Putting the Blame Where it Belongs

This week I have two posts about exciting new initiatives taking place in opposite corners of North America. The first is about an initiative against sexual harassment in New York City Public Schools and the result is the book Hey, Shorty! The title is in reference to common cat call used to draw the attention of young women. Because sexual harassment is another form of bullying, parents looking for assistance in their public schools should take note.


The Feminist Press

Difficulties concentrating in school, shame, depression, guilt, fear, low self-esteem, poor body image and feelings of helplessness are just some of the repercussions that high school victims of sexual harassment experience, according to research conducted by Girls for Gender Equity (GGE). This Brooklyn-based non-profit organization works to “improve gender and race relations and socioeconomic conditions for the most vulnerable youth and communities of colour.” Joanne N. Smith, Mandy Van Deven and Megan Huppuch of GGE have collaboratively written Hey, Shorty!, which tells GGE’s story, while providing a model to teach their peers what constitutes sexual harassment and how to prevent it. The book also gives activists, educators, parents and students a hands-on guide to combat sexual harassment and violence in their schools and neighborhoods.

In September 2001, just a few months after GGE had started meeting to play basketball, an 8-year-old girl had been raped on her way to school in the area. In response to the victim blaming that GGE founder Joanne Smith heard, she decided to discuss gender stereotypes and discrimination with the girls in the league. This evolved into Gender Respect Workshops, developed and facilitated by Mandy Van Deven with male and female students in the classroom. She discovered that sexual harassment was a major issue in the lives of the students, particularly girls and LGBTQ youth. Soon after, the Sisters in Strength program was born, and today it has become a paid yearlong internship for teen girls of colour to advocate for the enforcement of sexual harassment policies in New York City Public schools through workshops and direct action.

The Sisters in Strength’s first task was to raise awareness about the problem in the community, which led to their making of “Hey, Shorty!,” a short-film that later won Best Youth Documentary at the Roxbury International Film Festival. They screened their film at the Street Harassment Summit where they shared what they had learned with other members of the community. A second Sisters in Strength project involved hands-on participatory action research. Interns collected information through surveys, focus groups and slam books, or notebooks with written prompts that students can respond to anonymously. After compiling their data, they concluded that sexual harassment was rampant and normalized. Their research results were presented at the Gender Equality Festival to other community organizations. Under Huppuch’s leadership, GGE went on to form the Coalition for Gender Equity in School with more than 20 other area organizations.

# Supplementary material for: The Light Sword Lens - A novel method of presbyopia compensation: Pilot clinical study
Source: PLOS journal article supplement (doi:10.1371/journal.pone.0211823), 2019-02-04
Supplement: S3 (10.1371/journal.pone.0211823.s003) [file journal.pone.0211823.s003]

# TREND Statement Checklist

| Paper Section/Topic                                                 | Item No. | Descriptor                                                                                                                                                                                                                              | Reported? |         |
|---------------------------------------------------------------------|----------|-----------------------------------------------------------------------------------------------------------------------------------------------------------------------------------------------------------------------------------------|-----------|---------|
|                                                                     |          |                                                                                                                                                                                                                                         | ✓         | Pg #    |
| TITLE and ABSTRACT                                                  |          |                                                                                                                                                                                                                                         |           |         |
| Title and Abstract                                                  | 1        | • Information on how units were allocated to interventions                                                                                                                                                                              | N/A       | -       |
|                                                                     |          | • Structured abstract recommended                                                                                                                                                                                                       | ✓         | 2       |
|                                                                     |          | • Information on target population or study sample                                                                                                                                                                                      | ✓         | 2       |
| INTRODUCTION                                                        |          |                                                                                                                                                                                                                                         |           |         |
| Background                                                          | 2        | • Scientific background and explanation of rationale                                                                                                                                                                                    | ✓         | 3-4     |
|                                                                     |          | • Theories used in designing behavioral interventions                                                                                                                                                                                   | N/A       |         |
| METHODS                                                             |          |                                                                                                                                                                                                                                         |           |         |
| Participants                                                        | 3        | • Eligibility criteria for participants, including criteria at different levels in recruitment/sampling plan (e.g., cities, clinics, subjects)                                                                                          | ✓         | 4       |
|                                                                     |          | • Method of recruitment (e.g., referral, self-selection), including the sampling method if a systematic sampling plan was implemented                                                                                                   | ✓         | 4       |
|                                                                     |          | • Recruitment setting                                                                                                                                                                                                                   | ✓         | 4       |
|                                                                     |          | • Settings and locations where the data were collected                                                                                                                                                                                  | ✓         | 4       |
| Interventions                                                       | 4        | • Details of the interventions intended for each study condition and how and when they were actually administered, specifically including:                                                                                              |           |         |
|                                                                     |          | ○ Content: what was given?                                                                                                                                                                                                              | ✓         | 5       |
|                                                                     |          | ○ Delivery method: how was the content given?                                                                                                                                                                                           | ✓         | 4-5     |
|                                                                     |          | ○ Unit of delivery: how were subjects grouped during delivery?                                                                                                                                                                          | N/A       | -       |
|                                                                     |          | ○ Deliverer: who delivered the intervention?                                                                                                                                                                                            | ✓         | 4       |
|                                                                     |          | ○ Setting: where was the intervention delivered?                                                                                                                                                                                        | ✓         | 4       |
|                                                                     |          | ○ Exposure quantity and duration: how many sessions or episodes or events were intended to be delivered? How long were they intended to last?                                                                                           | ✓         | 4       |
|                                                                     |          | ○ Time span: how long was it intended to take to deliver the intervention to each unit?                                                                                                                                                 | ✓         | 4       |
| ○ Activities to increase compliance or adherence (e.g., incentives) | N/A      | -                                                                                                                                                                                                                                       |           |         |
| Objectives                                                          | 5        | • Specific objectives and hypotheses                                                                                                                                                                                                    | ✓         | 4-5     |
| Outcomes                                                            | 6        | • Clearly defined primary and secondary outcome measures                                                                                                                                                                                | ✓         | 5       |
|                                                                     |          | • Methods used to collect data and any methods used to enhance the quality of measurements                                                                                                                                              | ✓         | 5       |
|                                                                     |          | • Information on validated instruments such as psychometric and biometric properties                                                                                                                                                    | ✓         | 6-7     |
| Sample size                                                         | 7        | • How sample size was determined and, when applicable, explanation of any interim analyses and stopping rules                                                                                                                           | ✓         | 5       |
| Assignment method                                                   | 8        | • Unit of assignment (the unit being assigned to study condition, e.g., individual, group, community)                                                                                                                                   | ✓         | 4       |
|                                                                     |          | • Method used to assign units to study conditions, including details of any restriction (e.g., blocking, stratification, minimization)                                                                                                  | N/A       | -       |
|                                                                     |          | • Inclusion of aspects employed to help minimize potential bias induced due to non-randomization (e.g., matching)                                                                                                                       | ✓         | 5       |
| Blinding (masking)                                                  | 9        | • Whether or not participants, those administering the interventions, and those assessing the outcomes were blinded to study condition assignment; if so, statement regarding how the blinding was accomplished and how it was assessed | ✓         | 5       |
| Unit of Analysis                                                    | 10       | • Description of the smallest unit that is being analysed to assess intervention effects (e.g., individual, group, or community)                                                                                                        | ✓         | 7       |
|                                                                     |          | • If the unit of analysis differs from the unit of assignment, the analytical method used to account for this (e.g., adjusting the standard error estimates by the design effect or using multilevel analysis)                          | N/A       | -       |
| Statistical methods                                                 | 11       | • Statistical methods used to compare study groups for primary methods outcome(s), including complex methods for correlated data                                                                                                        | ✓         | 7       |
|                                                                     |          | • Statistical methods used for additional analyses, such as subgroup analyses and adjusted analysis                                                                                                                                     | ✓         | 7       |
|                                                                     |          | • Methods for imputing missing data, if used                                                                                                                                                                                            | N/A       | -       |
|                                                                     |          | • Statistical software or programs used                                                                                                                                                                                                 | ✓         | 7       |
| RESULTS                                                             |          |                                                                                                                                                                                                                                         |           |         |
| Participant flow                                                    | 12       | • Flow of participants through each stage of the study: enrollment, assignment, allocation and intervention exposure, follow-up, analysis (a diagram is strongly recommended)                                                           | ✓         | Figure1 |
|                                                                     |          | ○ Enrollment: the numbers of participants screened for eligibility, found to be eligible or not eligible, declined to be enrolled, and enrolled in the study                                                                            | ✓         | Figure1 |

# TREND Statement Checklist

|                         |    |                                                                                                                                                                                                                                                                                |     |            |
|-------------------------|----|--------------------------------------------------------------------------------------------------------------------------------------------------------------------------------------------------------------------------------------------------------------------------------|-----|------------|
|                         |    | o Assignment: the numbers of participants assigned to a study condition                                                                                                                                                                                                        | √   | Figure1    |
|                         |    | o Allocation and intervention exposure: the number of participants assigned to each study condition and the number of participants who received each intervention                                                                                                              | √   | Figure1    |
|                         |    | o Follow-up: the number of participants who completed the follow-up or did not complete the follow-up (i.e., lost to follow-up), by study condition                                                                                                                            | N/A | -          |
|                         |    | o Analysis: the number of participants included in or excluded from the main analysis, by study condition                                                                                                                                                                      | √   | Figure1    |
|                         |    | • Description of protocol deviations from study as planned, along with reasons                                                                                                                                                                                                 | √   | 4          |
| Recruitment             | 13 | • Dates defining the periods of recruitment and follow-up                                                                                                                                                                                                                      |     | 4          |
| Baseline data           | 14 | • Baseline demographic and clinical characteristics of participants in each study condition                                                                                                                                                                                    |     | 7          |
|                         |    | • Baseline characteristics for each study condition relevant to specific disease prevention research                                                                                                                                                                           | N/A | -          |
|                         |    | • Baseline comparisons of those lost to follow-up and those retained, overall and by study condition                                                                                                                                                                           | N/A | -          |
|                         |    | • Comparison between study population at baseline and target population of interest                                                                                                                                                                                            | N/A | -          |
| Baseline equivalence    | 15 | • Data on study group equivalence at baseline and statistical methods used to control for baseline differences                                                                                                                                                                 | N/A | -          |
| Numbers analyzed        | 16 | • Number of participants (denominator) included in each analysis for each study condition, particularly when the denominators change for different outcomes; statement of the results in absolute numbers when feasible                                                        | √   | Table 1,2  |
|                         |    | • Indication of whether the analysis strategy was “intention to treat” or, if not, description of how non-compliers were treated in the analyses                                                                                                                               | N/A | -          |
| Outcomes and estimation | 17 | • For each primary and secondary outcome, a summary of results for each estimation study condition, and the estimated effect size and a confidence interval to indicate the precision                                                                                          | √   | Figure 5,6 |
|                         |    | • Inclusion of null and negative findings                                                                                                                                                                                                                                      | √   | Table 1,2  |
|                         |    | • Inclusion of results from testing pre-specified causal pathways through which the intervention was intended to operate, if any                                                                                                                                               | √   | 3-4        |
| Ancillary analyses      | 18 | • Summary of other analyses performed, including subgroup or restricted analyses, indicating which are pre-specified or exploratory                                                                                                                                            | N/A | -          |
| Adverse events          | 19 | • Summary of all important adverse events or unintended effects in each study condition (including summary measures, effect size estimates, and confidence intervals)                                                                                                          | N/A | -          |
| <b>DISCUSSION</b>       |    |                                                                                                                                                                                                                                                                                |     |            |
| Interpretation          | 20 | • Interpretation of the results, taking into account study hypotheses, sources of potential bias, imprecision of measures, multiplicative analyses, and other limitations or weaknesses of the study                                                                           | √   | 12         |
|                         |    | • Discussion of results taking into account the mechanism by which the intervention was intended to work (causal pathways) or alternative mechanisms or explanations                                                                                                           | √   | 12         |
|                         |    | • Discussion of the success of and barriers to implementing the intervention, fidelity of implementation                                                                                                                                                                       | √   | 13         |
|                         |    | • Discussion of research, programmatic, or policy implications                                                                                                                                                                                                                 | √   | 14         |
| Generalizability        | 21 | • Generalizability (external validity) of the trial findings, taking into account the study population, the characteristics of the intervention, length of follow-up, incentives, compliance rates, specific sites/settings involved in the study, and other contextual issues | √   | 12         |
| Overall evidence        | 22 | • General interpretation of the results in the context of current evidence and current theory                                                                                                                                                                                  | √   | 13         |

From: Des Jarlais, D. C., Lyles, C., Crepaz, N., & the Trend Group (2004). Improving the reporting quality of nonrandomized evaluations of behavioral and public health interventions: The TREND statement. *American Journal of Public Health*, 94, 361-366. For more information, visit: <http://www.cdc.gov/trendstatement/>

The work of GGE may well have given us the solution to bullying that we have so desperately sought for the past 20 years. When we are sexually harassed, we believe that we are alone and somehow deserve this treatment. In other words, we internalize our feelings and suffer in silence. But from GGE’s research and community action, we see that this pervasive problem lies not within the person being harassed but with the external forces that perpetuate and enable sexual harassment to exist in our schools and on our streets. GGE is an empowering initiative for teens, our future leaders, and Hey, Shorty! is an essential resource for parents, teachers and community leaders who want to take action against bullying and sexual harassment in their communities.Chock full of capacity-building activities and ideas, Hey, Shorty! is an indispensable resource for anyone who wants to create an environment where everyone thrives.

This review was cross-posted at Elevate Difference.

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The CBC Investigates Sexism in Publishing
Guerrilla Girls, Humour and Hope
Publishing: What If...?
Publishing: What's "Good" and "Important"  (Stats on the # of books authored by women that are reviewed)
CBC: The Elephant in the Room  (Terry Fallis's book beats Carol Shields in CanadaReads)
Reads from Men











2 comments:

Anonymous | January 21, 2013 at 7:09 AM

In my part of the country, it's always the mans fault, even when he was drunk and taken advantaged of by an unscrupulous woman or even a consensual outing where she changed her mind or was pressured by friends &/or family to get him by destroying his life. Truth and right and wrong have nothing to do with the judicial system here. I am the bible belt of Oklahoma. We keep our prisons full. Our Department of Corrections is one of our larger employers. Justice is just a fantasy. Innocent men live year round in our prisons.

AKAmamma | January 25, 2013 at 10:25 AM

Thanks for your comment.

Women ARE allowed to change their minds, and FYI, only 6% of sexual assaults are ever reported. Ergo, your argument is little more than urban legend.

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